Nelson, Steve.


Nelson, Steve (Stevan Mesaros; Joseph Fleischinger); b. December 23 (26), 1903, Subocka, Croatia (then part of Austria Hungary), to the US in 1922; Croatian American; Father Michael Mesarosh (1870-1920), mother Mary Mesarosh (1883-1986); Education through 5th grade; Married Margaret Yeager (1906-1986), daughter Josephine Nelson; Party organizer, Carpenter, and Auto Worker; CP 1923, Attended the Lenin school in Moscow and subsequently undertook missions for the Comintern in China and India; Received Passport# 132635 on August 14, 1931 which listed his address as 854 Spring Garden Street, Pittsburg, Pennsylvania; Sailed March 10, 1937 aboard the Queen Mary; Arrested aboard a fishing trawler by French non-intervention forces, jailed with Dallet’s group; Served with the XV BDE, Lincoln Battalion, BN Commissar; Lincoln-Washington BN, BN Commissar and briefly commanded the BN at Brunete after the death of Oliver Law; Served at Jarama, Brunete; Promoted to BDE Commissar; Served at Quinto and Belchite; WIA in Belchite; Dave Doran took over as BDE Commissar; Final Rank Teniente Colonel; Returned to the US on November 9, 1937 aboard the Aquitania; WWII civilian; d. December 11, 1993, NYC, buried in Old North Cemetery in Truro, Massachusetts.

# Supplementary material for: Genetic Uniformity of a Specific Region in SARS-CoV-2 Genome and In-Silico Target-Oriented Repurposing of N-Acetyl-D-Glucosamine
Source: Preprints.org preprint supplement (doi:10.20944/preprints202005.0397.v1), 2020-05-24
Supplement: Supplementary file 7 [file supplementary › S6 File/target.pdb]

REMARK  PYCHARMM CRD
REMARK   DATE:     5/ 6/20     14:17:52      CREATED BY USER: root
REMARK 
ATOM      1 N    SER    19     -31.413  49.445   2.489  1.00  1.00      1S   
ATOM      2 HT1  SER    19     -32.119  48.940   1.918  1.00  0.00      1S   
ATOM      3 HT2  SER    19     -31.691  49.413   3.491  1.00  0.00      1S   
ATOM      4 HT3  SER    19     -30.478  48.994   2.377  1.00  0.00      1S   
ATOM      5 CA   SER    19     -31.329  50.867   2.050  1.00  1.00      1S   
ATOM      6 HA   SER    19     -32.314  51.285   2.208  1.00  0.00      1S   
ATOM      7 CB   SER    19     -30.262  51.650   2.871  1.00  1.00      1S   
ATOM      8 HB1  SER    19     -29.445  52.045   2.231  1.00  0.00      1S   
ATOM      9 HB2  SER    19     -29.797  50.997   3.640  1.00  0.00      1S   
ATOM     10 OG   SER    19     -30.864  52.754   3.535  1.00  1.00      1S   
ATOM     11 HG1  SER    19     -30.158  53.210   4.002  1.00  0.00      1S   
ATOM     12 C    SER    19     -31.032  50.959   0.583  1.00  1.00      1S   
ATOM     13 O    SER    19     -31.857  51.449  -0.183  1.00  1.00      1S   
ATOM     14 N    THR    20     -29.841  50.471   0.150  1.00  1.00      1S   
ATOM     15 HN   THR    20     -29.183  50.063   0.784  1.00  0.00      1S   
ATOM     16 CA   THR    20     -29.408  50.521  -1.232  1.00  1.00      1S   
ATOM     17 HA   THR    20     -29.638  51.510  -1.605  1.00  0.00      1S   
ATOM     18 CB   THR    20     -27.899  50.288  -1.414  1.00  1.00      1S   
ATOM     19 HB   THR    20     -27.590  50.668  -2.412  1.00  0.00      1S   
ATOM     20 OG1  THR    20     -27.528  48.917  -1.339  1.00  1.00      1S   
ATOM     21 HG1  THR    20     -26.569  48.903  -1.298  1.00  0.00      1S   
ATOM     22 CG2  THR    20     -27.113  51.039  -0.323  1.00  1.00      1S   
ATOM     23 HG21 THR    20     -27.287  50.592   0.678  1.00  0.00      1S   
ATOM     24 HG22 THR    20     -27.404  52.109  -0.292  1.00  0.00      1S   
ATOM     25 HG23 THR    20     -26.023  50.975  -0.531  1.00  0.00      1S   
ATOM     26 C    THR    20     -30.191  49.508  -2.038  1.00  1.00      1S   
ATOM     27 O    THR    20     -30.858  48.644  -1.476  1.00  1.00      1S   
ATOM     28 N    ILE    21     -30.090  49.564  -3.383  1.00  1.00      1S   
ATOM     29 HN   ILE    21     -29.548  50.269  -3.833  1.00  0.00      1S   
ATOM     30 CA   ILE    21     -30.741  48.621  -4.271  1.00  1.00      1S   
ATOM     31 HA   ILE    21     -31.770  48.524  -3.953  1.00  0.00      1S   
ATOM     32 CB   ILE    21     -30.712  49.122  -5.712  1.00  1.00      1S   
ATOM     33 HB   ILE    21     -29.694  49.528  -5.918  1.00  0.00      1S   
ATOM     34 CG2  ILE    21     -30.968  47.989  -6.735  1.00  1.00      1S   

Siblings: sisters Florence Mesarosh (1909-1987) and Mary Kelly (1911-1993).
Sources: Sail; Scope of Soviet Activity; RGASPI Fond 545, Opis 6, Delo 953, ll. 31-43 (issues about letters he wrote after returning to the US); ALBA 08 Steve Nelson Papers; South Slav; Spisak, in Spanija, 5 : 545; Good Fight B, C, H, K, and Z; Harriman; Steve Nelson, The Volunteers; Steve Nelson, James R. Barrett and Rob Ruck, American Radical; (Obituary) The Berkshire Eagle, December 13, 1993; L-W Tree Ancestry; Find-a-Grave #187110873.